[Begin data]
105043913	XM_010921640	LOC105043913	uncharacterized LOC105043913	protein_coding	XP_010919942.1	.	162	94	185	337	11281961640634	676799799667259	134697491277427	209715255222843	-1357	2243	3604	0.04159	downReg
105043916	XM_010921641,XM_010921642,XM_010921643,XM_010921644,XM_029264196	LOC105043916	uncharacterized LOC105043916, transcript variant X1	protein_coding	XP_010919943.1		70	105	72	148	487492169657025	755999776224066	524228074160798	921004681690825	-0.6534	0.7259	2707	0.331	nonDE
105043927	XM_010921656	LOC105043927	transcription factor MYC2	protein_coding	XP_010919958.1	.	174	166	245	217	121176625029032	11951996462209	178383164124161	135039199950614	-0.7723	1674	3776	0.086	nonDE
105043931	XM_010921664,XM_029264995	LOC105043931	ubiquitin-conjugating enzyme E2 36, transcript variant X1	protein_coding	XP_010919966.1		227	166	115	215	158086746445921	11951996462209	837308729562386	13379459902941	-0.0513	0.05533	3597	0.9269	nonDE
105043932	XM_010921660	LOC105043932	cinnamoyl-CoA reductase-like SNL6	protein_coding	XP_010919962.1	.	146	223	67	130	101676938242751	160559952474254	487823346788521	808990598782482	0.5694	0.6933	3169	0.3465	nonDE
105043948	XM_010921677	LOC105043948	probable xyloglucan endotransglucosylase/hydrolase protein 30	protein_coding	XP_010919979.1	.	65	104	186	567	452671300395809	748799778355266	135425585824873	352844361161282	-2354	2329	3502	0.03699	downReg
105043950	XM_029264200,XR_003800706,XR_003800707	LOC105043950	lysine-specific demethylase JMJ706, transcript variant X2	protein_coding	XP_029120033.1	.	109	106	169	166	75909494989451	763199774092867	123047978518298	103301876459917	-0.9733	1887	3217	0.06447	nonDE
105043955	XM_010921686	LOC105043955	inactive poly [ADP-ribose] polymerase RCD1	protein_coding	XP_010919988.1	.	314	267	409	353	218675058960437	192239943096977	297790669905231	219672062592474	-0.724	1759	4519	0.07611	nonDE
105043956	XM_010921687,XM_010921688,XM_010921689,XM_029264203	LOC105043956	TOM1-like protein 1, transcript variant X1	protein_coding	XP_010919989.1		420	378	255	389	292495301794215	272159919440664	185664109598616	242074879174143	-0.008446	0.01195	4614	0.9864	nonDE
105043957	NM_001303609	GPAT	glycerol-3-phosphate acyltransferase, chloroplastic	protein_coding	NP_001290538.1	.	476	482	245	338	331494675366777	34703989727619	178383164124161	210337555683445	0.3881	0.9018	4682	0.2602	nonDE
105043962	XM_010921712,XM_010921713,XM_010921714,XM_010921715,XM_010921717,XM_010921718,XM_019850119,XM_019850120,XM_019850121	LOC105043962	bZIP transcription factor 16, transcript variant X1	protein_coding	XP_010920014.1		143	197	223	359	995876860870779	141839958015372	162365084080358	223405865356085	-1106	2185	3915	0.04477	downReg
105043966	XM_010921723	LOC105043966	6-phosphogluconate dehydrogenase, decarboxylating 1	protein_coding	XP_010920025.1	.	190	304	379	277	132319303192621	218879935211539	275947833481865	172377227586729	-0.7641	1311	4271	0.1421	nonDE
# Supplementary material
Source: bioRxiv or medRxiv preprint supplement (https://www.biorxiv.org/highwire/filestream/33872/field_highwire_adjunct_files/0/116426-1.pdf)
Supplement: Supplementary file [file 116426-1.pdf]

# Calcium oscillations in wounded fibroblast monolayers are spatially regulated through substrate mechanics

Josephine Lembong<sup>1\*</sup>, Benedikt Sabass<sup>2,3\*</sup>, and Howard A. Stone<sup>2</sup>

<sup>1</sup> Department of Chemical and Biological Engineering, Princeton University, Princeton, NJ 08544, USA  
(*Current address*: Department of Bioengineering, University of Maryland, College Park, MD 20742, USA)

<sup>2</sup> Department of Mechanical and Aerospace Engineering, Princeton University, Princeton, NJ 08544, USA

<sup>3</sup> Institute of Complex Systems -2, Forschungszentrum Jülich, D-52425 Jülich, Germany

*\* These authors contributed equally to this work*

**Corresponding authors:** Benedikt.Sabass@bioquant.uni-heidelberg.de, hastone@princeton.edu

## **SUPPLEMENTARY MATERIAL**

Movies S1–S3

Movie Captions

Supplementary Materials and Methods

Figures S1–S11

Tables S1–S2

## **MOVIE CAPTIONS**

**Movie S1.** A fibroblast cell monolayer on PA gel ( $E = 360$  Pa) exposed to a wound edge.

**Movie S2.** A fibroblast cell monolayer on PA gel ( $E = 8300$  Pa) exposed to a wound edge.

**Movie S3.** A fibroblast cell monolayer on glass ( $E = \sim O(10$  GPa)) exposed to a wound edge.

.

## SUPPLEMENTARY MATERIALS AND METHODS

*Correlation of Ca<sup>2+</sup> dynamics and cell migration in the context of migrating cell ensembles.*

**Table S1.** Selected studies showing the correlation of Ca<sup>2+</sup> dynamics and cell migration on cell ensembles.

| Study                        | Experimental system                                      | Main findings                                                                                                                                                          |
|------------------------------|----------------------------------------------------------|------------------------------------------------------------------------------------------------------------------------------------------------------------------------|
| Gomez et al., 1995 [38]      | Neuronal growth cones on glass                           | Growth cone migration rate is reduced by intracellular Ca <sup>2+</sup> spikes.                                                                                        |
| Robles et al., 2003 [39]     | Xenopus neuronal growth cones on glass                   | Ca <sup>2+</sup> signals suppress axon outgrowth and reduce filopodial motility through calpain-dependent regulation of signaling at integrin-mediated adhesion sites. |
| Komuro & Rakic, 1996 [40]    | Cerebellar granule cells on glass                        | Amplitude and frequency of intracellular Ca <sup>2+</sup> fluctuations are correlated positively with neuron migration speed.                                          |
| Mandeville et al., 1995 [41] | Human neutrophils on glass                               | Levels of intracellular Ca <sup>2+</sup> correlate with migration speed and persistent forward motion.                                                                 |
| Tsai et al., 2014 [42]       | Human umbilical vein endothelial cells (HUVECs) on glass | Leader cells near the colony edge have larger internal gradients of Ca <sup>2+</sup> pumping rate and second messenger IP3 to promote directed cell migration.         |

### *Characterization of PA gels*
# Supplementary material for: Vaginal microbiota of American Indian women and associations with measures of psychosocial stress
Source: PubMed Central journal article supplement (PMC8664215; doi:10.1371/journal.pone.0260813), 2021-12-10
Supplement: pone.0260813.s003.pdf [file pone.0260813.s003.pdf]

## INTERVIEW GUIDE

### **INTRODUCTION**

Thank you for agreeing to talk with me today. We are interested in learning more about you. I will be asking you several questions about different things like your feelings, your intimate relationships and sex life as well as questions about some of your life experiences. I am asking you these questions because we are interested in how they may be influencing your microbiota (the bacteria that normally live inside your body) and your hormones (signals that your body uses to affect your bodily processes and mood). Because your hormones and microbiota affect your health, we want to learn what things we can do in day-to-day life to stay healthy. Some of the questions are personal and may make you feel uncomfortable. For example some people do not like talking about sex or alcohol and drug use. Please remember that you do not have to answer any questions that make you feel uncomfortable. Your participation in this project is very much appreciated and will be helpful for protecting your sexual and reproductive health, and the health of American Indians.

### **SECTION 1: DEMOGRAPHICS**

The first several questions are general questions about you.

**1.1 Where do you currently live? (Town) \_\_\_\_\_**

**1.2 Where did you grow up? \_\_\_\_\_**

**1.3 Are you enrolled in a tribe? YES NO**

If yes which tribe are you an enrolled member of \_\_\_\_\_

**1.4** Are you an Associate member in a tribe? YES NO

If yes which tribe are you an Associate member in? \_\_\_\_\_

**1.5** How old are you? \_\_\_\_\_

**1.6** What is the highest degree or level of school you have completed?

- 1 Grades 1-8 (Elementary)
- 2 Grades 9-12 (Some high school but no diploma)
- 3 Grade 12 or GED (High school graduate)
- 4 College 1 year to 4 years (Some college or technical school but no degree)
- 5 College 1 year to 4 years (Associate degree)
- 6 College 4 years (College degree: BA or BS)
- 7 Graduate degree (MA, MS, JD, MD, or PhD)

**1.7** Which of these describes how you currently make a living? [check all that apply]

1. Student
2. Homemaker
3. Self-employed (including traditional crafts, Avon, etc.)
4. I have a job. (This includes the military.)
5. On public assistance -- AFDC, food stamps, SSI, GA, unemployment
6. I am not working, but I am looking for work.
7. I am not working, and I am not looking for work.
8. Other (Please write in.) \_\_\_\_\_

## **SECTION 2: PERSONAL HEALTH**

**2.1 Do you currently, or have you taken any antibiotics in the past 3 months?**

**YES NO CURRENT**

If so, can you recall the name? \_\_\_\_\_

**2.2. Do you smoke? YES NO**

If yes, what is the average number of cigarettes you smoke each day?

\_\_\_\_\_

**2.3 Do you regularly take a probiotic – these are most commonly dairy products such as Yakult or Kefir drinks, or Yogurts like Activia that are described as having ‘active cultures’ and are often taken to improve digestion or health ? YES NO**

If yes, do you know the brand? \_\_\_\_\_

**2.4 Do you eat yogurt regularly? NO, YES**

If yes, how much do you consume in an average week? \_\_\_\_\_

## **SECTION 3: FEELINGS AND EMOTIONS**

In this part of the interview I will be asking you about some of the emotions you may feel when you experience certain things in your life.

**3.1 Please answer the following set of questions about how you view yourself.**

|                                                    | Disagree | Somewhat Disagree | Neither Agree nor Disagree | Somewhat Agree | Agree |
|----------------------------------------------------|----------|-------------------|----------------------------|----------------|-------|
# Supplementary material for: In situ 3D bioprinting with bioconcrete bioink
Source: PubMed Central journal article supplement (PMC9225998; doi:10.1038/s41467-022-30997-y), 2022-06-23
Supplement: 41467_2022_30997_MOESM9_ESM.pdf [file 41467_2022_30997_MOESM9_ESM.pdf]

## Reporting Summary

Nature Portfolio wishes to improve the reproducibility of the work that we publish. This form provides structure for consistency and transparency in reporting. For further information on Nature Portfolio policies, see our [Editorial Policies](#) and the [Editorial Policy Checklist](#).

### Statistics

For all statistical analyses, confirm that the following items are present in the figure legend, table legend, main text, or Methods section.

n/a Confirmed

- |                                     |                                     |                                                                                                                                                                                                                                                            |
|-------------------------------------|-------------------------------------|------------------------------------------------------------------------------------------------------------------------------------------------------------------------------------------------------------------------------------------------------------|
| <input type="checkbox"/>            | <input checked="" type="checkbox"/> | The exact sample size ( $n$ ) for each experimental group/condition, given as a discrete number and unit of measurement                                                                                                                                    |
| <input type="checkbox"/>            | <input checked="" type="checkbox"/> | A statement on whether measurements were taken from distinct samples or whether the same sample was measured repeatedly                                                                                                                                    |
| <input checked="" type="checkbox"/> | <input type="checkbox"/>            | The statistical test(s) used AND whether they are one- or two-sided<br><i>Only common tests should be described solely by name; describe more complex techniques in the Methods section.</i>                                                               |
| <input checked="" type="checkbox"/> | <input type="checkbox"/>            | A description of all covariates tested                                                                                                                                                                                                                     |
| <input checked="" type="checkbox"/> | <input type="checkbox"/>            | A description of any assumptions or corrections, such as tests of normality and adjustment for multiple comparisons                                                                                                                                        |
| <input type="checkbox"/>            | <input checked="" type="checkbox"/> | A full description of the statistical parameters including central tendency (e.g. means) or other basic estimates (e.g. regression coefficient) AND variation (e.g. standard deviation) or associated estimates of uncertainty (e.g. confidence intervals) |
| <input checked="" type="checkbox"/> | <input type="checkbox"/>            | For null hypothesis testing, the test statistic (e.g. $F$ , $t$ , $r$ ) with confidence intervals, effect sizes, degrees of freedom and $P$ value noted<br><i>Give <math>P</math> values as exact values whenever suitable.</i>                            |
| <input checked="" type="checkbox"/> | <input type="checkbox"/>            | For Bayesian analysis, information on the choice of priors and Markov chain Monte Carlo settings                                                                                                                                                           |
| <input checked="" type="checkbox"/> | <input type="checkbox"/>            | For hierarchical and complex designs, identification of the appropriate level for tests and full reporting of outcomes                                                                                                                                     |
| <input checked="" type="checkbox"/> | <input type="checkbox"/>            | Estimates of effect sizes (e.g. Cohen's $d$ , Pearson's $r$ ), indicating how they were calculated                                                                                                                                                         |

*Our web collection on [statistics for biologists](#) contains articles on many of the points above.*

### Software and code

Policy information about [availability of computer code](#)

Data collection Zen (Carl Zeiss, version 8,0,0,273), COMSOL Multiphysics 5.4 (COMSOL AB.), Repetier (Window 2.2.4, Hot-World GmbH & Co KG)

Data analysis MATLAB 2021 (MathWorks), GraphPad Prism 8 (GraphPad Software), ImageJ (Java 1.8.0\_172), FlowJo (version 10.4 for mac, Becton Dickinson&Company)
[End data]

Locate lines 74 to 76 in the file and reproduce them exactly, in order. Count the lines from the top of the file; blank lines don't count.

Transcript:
5. On public assistance -- AFDC, food stamps, SSI, GA, unemployment
6. I am not working, but I am looking for work.
7. I am not working, and I am not looking for work.